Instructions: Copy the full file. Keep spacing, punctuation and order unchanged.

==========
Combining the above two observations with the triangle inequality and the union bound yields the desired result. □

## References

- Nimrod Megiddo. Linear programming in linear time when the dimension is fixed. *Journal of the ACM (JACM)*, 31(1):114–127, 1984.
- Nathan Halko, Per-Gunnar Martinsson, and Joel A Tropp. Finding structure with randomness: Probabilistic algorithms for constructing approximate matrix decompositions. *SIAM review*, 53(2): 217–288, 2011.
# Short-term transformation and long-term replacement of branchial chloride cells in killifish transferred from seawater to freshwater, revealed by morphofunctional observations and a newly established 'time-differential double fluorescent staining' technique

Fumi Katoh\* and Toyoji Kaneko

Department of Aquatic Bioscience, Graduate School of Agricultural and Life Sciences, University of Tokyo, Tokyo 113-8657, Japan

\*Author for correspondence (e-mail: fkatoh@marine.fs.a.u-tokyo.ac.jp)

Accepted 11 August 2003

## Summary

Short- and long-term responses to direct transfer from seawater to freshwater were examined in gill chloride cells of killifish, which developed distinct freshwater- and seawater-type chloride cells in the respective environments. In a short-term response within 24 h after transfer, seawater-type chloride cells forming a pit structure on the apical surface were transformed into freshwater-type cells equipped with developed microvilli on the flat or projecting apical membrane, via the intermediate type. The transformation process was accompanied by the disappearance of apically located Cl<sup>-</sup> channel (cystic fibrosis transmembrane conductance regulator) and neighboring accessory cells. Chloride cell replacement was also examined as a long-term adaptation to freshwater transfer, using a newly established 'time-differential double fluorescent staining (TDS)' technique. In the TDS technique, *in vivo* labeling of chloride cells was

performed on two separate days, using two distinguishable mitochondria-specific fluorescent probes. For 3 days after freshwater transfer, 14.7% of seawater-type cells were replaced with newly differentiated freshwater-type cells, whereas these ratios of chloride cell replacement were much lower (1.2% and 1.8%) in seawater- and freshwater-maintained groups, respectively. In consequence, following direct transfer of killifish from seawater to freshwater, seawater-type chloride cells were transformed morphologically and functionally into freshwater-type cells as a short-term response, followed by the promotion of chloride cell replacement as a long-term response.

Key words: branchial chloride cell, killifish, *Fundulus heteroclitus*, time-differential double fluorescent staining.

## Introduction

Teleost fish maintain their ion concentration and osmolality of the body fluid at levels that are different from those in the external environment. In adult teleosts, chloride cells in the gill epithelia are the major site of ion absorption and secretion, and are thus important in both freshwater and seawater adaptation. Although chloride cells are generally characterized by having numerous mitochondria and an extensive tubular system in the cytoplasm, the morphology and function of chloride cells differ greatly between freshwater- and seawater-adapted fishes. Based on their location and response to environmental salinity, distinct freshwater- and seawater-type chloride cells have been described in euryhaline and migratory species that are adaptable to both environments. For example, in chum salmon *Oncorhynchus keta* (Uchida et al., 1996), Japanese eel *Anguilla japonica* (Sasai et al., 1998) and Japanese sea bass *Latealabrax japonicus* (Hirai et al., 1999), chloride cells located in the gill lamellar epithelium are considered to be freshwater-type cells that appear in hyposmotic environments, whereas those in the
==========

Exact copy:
Combining the above two observations with the triangle inequality and the union bound yields the desired result. □

## References

- Nimrod Megiddo. Linear programming in linear time when the dimension is fixed. *Journal of the ACM (JACM)*, 31(1):114–127, 1984.
- Nathan Halko, Per-Gunnar Martinsson, and Joel A Tropp. Finding structure with randomness: Probabilistic algorithms for constructing approximate matrix decompositions. *SIAM review*, 53(2): 217–288, 2011.
# Short-term transformation and long-term replacement of branchial chloride cells in killifish transferred from seawater to freshwater, revealed by morphofunctional observations and a newly established 'time-differential double fluorescent staining' technique

Fumi Katoh\* and Toyoji Kaneko

Department of Aquatic Bioscience, Graduate School of Agricultural and Life Sciences, University of Tokyo, Tokyo 113-8657, Japan

\*Author for correspondence (e-mail: fkatoh@marine.fs.a.u-tokyo.ac.jp)

Accepted 11 August 2003

## Summary

Short- and long-term responses to direct transfer from seawater to freshwater were examined in gill chloride cells of killifish, which developed distinct freshwater- and seawater-type chloride cells in the respective environments. In a short-term response within 24 h after transfer, seawater-type chloride cells forming a pit structure on the apical surface were transformed into freshwater-type cells equipped with developed microvilli on the flat or projecting apical membrane, via the intermediate type. The transformation process was accompanied by the disappearance of apically located Cl<sup>-</sup> channel (cystic fibrosis transmembrane conductance regulator) and neighboring accessory cells. Chloride cell replacement was also examined as a long-term adaptation to freshwater transfer, using a newly established 'time-differential double fluorescent staining (TDS)' technique. In the TDS technique, *in vivo* labeling of chloride cells was

performed on two separate days, using two distinguishable mitochondria-specific fluorescent probes. For 3 days after freshwater transfer, 14.7% of seawater-type cells were replaced with newly differentiated freshwater-type cells, whereas these ratios of chloride cell replacement were much lower (1.2% and 1.8%) in seawater- and freshwater-maintained groups, respectively. In consequence, following direct transfer of killifish from seawater to freshwater, seawater-type chloride cells were transformed morphologically and functionally into freshwater-type cells as a short-term response, followed by the promotion of chloride cell replacement as a long-term response.

Key words: branchial chloride cell, killifish, *Fundulus heteroclitus*, time-differential double fluorescent staining.

## Introduction

Teleost fish maintain their ion concentration and osmolality of the body fluid at levels that are different from those in the external environment. In adult teleosts, chloride cells in the gill epithelia are the major site of ion absorption and secretion, and are thus important in both freshwater and seawater adaptation. Although chloride cells are generally characterized by having numerous mitochondria and an extensive tubular system in the cytoplasm, the morphology and function of chloride cells differ greatly between freshwater- and seawater-adapted fishes. Based on their location and response to environmental salinity, distinct freshwater- and seawater-type chloride cells have been described in euryhaline and migratory species that are adaptable to both environments. For example, in chum salmon *Oncorhynchus keta* (Uchida et al., 1996), Japanese eel *Anguilla japonica* (Sasai et al., 1998) and Japanese sea bass *Latealabrax japonicus* (Hirai et al., 1999), chloride cells located in the gill lamellar epithelium are considered to be freshwater-type cells that appear in hyposmotic environments, whereas those in the